US extends Myanmar sanctions authority for 1 year

WASHINGTON (AP) — The Obama administration extended Thursday by one year targeted U.S. sanctions against Myanmar to prevent backsliding on democratic reforms.

But to sweeten the pill, the administration eased some of the U.S. visa restrictions imposed against Myanmar’s former military regime in recognition of the nation’s dramatic shift from authoritarian rule.

The actions come as expectation mounts that Myanmar’s reformist President Thein Sein will visit the White House this month. It would be the first such visit by a Myanmar leader since 1966.

Congressional staffers and a State Department official, speaking on condition of anonymity because they were not authorized to speak about the possible event, told The Associated Press such plans were in the works. President Barack Obama visited the country also known as Burma in November.

The administration has yet to announce a visit by Myanmar’s leader, which could stir controversy because of an explosion of communal violence between Buddhists and Muslims in western Rakhine state in recent months that has spread to central Myanmar. The attacks have left hundreds dead and more than 100,000 displaced. Most of the victims have been minority Muslims.

While there’s still broad bipartisan backing in Congress for the administration’s efforts to support and strengthen the hand of Myanmar reformers like Thein Sein, the unrest, and Myanmar authorities failure to prevent it, has stirred concern in some quarters about the human rights situation in the country and lifting restrictions too quickly.

Democratic Rep. Joe Crowley, D-NY, said he was still waiting to hear details of Thursday’s moves, but urged the administration to stick to its policy of “action for action.”

Last year, the U.S. normalized diplomatic relations and, using a presidential waiver, suspended broad trade and investment sanctions. That followed the release of hundreds of political prisoners and the release and election to parliament of democracy leader Aung San Suu Kyi, who visited the U.S. in September.

The administration, however, retained targeted restrictions against some officials and cronies of the former regime and the option of re-imposing the broader sanctions if need be. Those restrictions were extended Thursday.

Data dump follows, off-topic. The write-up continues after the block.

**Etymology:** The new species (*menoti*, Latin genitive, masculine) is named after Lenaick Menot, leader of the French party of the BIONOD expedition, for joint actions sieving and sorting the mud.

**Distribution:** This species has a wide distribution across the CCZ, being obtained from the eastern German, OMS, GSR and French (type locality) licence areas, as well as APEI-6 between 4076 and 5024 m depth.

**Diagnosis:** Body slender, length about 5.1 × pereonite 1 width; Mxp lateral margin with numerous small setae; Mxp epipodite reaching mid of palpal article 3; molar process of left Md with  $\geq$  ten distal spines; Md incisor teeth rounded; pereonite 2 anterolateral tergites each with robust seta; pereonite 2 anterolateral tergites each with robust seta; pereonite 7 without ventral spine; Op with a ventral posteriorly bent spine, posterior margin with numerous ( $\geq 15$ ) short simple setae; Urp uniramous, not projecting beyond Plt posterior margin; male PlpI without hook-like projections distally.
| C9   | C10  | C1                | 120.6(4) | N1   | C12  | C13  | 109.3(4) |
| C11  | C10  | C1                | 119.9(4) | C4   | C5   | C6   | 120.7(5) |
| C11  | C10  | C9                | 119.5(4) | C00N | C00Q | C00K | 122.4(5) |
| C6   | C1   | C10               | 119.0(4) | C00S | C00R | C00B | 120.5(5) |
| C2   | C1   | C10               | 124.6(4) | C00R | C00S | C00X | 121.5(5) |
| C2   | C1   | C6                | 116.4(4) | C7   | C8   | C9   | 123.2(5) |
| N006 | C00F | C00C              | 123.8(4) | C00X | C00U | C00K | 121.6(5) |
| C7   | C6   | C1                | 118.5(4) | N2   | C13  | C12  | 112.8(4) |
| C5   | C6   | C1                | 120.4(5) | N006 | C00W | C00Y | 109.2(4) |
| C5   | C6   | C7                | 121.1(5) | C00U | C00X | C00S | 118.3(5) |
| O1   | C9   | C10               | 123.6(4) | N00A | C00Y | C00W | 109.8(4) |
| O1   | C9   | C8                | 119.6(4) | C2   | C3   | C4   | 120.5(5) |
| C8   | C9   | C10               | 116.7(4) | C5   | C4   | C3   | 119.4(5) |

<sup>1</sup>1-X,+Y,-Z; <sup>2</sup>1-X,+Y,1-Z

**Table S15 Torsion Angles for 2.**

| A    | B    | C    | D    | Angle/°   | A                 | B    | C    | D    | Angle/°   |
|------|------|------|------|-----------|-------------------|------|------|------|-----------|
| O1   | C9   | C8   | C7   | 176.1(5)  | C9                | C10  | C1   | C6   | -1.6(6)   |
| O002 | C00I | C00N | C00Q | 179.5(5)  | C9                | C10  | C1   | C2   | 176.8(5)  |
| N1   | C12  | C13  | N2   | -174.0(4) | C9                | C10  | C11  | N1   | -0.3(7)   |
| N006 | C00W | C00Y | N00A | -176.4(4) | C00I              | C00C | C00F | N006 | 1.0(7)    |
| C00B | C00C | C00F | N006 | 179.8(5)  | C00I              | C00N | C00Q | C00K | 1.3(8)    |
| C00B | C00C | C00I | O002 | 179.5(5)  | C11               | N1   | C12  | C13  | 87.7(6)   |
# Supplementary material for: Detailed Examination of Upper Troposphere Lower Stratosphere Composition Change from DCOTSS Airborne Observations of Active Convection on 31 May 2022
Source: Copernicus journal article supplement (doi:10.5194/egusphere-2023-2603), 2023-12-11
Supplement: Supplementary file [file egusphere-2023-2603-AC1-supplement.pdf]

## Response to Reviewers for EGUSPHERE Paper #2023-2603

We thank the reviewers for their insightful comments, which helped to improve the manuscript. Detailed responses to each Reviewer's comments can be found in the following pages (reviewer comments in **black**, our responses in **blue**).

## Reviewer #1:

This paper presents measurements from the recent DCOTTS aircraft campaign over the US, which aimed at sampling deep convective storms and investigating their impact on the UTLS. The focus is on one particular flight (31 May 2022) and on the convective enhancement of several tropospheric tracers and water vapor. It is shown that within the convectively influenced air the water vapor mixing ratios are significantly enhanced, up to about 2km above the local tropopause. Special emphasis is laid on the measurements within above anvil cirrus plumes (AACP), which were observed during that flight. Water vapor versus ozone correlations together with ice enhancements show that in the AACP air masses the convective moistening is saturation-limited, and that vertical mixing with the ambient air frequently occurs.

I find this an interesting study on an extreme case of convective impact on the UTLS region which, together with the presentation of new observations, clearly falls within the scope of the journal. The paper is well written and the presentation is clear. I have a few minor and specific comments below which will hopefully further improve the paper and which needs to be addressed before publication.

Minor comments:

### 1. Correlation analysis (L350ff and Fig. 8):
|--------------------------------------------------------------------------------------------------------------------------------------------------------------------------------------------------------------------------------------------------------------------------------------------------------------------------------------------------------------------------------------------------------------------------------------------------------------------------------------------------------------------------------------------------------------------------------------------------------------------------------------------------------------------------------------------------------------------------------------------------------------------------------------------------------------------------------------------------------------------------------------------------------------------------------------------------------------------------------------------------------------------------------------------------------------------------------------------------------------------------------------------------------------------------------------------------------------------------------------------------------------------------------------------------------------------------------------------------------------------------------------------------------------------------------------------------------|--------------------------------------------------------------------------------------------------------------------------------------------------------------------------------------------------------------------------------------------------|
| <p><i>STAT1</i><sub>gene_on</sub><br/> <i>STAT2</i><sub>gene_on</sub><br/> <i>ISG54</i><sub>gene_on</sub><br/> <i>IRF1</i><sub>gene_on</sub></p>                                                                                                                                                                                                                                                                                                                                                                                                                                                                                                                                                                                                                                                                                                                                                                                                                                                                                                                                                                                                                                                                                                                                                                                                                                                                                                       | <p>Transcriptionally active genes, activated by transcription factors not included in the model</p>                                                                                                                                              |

While human rights groups say Washington is being too accommodating to Myanmar, where the military is still accused of serious abuses in ethnic regions, the European Union has moved even faster to roll back restrictions, paving the way for virtually unimpeded economic ties in one of Asia’s last unexplored markets.

The 27-nation bloc last week announced it was lifting sanctions — previously only suspended — to support the country’s “remarkable process” toward democracy, even as it warned that the Southeast Asian nation must curb the recent outbursts of ethnic violence. Like the U.S., the EU retains an embargo on arms sales to Myanmar.

The Obama administration is keen to laud reforms by Thein Sein’s government but restated Thursday its demand that it unconditionally release the remaining political prisoners, sever all military ties with North Korea and end violence that has resurfaced in areas such as Rakhine state.

The administration terminated a 1996 visa ban but narrower prohibitions remain in place under other legislation, specifically forbidding travel by those who impede reforms and are implicated in rights abuses or military trade with North Korea.

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Associated Press writer Matthew Lee contributed to this report.

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